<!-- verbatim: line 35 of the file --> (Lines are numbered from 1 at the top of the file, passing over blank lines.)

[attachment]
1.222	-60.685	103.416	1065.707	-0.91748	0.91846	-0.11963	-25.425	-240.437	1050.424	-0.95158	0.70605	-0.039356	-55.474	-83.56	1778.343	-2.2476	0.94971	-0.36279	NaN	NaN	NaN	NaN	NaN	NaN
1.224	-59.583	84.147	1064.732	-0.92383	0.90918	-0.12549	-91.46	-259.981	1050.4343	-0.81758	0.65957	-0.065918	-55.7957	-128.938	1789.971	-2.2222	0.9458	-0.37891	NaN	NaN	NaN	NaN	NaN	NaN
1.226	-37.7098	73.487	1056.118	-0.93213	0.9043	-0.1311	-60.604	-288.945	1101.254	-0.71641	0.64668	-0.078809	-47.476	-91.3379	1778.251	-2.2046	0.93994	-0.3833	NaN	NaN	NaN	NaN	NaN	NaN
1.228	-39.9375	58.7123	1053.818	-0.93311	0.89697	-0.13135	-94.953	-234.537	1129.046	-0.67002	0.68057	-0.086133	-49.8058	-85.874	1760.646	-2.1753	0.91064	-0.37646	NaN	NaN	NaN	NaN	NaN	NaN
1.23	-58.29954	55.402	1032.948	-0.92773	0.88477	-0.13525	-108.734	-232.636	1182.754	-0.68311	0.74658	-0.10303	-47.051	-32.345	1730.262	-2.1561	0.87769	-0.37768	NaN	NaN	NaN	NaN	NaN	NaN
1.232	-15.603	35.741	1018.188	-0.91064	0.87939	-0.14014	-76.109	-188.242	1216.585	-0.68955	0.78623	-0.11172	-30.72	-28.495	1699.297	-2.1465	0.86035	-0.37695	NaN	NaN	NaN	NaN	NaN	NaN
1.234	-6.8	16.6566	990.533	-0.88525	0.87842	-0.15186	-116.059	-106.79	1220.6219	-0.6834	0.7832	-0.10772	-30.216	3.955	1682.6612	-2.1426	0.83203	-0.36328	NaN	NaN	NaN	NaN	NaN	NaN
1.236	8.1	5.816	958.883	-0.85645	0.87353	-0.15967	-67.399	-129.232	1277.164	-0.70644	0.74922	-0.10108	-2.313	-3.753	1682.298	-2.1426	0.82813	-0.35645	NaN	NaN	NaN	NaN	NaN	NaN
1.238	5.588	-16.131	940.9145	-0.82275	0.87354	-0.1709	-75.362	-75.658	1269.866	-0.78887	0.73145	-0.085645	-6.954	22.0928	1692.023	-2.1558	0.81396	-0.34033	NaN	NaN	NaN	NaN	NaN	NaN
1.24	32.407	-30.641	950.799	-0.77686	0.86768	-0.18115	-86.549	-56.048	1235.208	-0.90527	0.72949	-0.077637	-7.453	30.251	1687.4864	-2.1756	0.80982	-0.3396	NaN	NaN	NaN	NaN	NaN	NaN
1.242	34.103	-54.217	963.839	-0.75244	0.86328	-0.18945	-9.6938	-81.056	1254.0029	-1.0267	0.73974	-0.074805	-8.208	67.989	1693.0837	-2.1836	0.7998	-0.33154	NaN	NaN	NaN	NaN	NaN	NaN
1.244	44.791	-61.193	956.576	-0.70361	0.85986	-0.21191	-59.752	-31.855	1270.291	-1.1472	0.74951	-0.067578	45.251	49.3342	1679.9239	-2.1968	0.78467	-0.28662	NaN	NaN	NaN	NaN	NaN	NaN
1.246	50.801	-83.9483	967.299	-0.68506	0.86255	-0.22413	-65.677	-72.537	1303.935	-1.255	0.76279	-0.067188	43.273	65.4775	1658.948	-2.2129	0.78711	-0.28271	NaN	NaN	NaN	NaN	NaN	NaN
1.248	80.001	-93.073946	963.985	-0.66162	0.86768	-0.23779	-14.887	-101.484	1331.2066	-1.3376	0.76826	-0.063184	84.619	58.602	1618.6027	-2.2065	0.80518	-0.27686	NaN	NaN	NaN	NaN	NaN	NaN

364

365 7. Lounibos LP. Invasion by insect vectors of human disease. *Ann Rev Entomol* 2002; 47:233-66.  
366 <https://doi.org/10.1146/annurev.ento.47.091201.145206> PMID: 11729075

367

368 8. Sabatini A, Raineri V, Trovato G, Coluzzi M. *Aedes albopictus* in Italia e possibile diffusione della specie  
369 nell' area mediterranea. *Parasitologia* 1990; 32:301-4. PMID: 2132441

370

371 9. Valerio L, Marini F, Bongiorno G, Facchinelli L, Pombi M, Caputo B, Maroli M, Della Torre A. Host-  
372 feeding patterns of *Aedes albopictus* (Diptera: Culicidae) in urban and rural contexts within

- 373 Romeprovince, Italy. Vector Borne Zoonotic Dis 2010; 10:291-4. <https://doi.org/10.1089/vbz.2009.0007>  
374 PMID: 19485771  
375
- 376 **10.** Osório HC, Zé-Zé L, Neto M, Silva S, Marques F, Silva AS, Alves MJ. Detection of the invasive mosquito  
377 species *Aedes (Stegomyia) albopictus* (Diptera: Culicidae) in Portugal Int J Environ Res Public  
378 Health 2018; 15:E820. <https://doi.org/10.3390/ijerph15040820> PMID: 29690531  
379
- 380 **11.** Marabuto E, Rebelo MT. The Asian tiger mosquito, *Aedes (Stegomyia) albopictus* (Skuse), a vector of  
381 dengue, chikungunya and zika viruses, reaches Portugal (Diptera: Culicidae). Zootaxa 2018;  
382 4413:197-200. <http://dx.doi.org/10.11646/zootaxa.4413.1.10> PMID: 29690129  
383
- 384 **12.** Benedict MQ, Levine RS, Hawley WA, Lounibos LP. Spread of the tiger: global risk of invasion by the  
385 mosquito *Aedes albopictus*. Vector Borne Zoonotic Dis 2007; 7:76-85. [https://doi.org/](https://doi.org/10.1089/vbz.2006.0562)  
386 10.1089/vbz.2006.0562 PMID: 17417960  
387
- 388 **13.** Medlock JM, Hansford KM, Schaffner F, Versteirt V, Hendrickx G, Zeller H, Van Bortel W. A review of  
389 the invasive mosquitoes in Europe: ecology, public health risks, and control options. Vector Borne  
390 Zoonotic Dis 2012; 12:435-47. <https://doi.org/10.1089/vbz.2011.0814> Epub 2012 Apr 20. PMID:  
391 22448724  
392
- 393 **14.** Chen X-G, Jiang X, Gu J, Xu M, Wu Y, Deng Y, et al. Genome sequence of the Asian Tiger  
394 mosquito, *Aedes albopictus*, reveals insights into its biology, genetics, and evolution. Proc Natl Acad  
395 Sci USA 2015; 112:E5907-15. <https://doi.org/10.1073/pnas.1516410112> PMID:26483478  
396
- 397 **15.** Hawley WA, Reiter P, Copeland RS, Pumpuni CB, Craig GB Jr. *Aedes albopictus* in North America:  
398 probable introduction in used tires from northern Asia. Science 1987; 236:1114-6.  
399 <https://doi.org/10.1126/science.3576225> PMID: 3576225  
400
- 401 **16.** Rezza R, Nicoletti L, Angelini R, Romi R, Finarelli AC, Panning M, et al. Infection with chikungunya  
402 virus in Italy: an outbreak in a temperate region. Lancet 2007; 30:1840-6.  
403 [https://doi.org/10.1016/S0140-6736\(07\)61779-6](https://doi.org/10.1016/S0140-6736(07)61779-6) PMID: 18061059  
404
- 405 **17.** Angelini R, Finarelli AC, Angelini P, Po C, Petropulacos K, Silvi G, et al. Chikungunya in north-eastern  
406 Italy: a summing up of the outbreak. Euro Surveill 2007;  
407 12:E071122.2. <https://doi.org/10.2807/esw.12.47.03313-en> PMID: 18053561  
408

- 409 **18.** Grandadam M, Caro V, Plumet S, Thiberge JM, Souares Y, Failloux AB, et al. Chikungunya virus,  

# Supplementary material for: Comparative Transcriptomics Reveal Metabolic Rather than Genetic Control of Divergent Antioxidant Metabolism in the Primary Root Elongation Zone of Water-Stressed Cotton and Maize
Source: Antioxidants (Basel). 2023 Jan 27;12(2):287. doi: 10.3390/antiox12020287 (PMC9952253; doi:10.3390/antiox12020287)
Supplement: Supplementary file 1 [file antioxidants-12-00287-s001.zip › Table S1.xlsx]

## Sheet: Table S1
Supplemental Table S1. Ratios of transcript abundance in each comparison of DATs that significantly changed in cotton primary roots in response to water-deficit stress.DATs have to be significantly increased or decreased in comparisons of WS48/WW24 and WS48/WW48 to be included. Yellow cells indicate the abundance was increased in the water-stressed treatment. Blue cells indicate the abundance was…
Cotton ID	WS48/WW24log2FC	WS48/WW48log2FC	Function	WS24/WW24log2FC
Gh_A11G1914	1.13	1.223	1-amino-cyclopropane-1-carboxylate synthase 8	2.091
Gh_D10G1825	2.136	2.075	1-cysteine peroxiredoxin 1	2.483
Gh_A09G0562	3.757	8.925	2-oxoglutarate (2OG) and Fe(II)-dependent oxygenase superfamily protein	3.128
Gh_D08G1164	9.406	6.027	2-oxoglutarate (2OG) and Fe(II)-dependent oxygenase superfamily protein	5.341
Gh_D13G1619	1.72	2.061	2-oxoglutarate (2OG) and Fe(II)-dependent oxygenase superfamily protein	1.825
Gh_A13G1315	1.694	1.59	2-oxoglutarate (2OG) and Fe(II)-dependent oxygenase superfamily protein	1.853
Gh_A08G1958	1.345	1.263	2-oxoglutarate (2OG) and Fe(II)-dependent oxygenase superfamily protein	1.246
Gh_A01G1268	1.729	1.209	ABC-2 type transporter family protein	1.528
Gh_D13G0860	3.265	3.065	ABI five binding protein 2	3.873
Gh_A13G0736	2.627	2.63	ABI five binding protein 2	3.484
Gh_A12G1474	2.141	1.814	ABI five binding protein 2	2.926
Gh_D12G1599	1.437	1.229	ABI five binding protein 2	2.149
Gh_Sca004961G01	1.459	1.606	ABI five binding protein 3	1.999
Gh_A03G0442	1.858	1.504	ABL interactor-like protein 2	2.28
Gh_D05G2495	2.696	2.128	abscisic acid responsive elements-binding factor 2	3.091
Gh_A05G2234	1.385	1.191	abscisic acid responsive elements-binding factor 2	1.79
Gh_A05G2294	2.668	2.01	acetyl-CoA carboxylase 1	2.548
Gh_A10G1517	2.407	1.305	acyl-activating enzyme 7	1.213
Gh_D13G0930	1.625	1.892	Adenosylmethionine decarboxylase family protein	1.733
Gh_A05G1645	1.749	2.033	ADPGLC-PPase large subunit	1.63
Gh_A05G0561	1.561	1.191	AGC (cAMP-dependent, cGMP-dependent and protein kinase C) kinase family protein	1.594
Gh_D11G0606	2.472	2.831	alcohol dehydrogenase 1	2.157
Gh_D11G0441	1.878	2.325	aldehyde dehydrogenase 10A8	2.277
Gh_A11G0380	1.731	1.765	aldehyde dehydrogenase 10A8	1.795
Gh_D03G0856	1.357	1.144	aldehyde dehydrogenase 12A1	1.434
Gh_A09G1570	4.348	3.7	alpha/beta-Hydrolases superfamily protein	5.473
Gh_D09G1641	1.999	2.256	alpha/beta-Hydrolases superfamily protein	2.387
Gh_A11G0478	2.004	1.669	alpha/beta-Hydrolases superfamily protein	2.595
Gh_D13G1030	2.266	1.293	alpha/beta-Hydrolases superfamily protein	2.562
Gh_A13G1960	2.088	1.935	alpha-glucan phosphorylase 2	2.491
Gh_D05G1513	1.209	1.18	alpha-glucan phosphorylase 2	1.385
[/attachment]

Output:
- 384 **12.** Benedict MQ, Levine RS, Hawley WA, Lounibos LP. Spread of the tiger: global risk of invasion by the  